Colonoscopy is a vital medical procedure that plays a crucial role in the detection and prevention of colorectal cancer, one of the most common and deadly forms of cancer worldwide. With its ability to identify precancerous growths and early-stage malignancies, colonoscopy has become an indispensable tool in the fight against colorectal cancer. In this article, we will explore the significance of colonoscopy in the context of cancer, its benefits, and its impact on improving patient outcomes.
Table of Contents
What is the meaning of Colonoscopy?
What is a colonoscopy? Colonoscopy is a diagnostic procedure performed by a gastroenterologist to visualize and examine the inner lining of the colon (large intestine) and rectum. During a colonoscopy, a flexible tube called a colonoscope is inserted into the anus and gently guided through the entire length of the colon. The colonoscope contains a light source and a small camera that provides real-time images of the colon, enabling the doctor to identify any abnormalities or signs of cancer.
Early Detection and Prevention:
- Identifying Precancerous Polyps: One of the significant benefits of colonoscopy is its ability to detect and remove precancerous polyps, abnormal growths that have the potential to develop into cancer over time. By removing these polyps during the procedure, the risk of developing colorectal cancer is significantly reduced.
- Detection of Early-Stage Cancer: Colonoscopy allows for the identification of early-stage colorectal cancer, often before symptoms become apparent. Detecting cancer at an early stage significantly improves the chances of successful treatment and long-term survival.
Who Should Undergo Colonoscopy?
The American Cancer Society and other reputable organizations recommend regular colonoscopy screenings for individuals at average risk for colorectal cancer starting at the age of 45 or 50. However, certain factors may warrant earlier or more frequent screenings, such as a family history of colorectal cancer, personal history of inflammatory bowel disease, or genetic predispositions.
The Procedure of Colonoscopy and Preparation
Prior to the colonoscopy, patients are required to undergo bowel preparation, which involves dietary modifications and the use of laxatives to empty the colon. This ensures optimal visualization during the procedure. During the colonoscopy itself, patients are typically given sedation to ensure comfort and minimize discomfort.
Screening guidelines for colonoscopy may vary depending on factors such as age, family history, and personal risk factors. However, in general, it is recommended that individuals undergo their first colonoscopy at the age of 50, or earlier if they have a family history of colon cancer or other risk factors. Subsequent screenings are typically recommended every 10 years for individuals with average risk, while individuals with a higher risk may require more frequent screenings.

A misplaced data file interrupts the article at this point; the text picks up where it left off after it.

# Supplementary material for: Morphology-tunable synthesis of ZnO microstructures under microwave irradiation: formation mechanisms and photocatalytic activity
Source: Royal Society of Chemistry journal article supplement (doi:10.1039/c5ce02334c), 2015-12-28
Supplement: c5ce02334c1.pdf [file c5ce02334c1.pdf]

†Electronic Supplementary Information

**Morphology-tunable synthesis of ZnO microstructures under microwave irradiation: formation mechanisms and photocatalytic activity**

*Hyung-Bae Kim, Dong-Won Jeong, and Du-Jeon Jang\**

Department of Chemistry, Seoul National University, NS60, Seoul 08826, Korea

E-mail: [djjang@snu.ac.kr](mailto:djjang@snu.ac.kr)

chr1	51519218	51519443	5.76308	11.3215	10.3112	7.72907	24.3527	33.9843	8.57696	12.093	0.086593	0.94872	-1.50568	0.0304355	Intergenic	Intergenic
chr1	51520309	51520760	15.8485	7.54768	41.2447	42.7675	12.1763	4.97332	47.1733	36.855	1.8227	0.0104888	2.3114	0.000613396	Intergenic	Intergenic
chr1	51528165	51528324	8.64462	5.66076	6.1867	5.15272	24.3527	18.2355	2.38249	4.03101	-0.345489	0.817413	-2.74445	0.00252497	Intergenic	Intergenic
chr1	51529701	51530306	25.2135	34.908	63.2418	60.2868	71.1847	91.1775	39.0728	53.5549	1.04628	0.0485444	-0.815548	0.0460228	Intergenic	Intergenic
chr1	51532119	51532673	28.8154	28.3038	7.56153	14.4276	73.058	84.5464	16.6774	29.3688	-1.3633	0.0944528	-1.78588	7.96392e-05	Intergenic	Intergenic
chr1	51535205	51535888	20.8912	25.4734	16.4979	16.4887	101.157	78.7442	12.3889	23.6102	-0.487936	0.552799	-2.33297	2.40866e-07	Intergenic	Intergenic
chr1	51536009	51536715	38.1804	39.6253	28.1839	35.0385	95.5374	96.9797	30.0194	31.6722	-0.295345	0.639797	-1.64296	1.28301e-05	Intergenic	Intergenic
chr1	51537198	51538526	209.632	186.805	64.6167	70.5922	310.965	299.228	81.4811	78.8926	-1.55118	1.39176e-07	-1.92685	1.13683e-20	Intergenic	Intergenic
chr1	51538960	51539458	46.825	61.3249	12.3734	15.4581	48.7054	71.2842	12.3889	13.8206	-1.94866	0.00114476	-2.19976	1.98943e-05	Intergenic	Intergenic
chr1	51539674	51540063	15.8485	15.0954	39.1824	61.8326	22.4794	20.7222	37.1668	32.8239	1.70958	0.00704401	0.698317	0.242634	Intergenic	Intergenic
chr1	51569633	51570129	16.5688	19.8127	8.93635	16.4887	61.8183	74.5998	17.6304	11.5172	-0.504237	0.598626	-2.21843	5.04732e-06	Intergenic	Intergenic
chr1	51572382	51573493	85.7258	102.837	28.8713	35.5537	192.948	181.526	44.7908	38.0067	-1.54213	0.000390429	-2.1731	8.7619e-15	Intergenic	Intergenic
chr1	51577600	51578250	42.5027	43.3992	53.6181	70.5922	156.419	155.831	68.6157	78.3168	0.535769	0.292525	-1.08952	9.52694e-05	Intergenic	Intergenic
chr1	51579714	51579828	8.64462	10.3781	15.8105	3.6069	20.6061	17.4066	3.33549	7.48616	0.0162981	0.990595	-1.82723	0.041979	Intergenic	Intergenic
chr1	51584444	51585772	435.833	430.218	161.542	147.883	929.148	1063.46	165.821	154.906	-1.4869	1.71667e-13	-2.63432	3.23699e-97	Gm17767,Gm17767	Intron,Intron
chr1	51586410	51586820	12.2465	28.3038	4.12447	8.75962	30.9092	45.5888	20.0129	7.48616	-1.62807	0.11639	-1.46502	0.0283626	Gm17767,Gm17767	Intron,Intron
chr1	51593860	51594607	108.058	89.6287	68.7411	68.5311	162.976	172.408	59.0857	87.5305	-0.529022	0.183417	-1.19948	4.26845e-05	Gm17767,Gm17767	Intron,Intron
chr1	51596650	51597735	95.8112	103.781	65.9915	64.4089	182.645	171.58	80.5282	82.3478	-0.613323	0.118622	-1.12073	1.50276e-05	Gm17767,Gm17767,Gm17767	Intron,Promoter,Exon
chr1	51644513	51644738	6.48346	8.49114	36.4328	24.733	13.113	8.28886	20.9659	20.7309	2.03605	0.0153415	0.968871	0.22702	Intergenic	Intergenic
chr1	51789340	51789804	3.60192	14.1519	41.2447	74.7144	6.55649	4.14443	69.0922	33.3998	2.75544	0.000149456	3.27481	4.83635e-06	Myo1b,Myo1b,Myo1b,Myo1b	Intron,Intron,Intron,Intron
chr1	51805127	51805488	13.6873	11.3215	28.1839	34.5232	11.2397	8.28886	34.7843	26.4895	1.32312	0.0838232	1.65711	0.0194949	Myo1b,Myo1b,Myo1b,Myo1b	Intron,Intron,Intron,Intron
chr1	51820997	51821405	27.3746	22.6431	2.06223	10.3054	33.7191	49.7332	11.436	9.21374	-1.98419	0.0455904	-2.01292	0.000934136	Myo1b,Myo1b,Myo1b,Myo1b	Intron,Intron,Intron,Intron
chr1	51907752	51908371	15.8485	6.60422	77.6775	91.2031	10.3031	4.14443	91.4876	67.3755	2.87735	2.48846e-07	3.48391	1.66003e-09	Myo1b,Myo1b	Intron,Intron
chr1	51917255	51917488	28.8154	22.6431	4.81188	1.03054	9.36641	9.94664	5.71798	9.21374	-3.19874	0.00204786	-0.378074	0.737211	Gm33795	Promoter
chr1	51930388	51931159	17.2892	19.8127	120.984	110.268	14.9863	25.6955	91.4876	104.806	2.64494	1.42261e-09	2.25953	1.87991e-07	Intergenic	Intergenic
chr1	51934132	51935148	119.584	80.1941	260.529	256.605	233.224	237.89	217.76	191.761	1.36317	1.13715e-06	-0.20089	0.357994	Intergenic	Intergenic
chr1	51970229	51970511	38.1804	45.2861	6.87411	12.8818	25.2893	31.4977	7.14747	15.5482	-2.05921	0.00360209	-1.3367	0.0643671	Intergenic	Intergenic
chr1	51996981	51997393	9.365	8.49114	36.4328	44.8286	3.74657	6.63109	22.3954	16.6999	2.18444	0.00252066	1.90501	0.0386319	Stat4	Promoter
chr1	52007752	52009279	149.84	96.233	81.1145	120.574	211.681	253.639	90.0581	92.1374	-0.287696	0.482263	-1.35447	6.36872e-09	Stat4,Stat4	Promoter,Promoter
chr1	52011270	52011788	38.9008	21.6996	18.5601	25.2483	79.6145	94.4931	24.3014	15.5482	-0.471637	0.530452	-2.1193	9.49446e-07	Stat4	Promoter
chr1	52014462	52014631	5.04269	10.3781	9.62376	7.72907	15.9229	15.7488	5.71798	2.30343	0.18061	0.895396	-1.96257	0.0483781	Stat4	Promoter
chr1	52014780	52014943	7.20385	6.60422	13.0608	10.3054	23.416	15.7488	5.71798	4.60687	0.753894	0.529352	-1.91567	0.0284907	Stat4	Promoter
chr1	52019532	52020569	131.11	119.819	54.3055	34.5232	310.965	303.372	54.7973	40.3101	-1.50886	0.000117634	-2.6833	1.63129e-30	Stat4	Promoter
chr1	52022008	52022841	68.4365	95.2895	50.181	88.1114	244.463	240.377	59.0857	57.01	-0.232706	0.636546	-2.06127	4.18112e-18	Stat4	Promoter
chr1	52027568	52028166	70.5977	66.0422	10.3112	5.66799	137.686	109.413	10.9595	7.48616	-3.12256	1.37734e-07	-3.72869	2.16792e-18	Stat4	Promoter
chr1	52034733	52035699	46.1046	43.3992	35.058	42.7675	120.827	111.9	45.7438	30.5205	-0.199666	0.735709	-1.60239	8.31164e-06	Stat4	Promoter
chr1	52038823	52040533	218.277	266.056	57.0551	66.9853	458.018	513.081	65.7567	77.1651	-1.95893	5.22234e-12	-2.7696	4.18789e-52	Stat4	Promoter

Benefits of Colonoscopy
Preventing Colon Cancer
By identifying and removing precancerous polyps, colonoscopy significantly reduces the risk of developing colon cancer. It offers a proactive approach to preventing the disease rather than solely relying on treatment after cancer has developed.
Colonoscopy enables the detection of early-stage colon cancer, allowing for timely intervention and increasing the likelihood of successful treatment outcomes. Early detection can lead to less invasive treatment options and higher survival rates.
Personalized Risk Assessment
During a colonoscopy, a physician can evaluate an individual’s specific risk factors for colon cancer. This assessment may include factors such as family history, lifestyle choices, and personal health history, enabling the development of a personalized screening and prevention plan.
Risks and Considerations for Colonoscopy
While colonoscopy is generally considered safe, there are potential risks involved, such as bleeding, infection, or bowel perforation. However, these risks are rare and typically outweighed by the benefits of early detection and prevention.
Colonoscopy stands as a cornerstone in the battle against colorectal cancer, providing a reliable and effective means of early detection and prevention. By identifying precancerous polyps and early-stage cancers, colonoscopy has the potential to save countless lives and reduce the overall burden of colorectal cancer. It is crucial for individuals to follow recommended screening guidelines and consult with their healthcare providers to determine the appropriate timing and frequency of colonoscopy based on their individual risk factors. Remember, prevention and early detection are key to improving outcomes in the fight against cancer.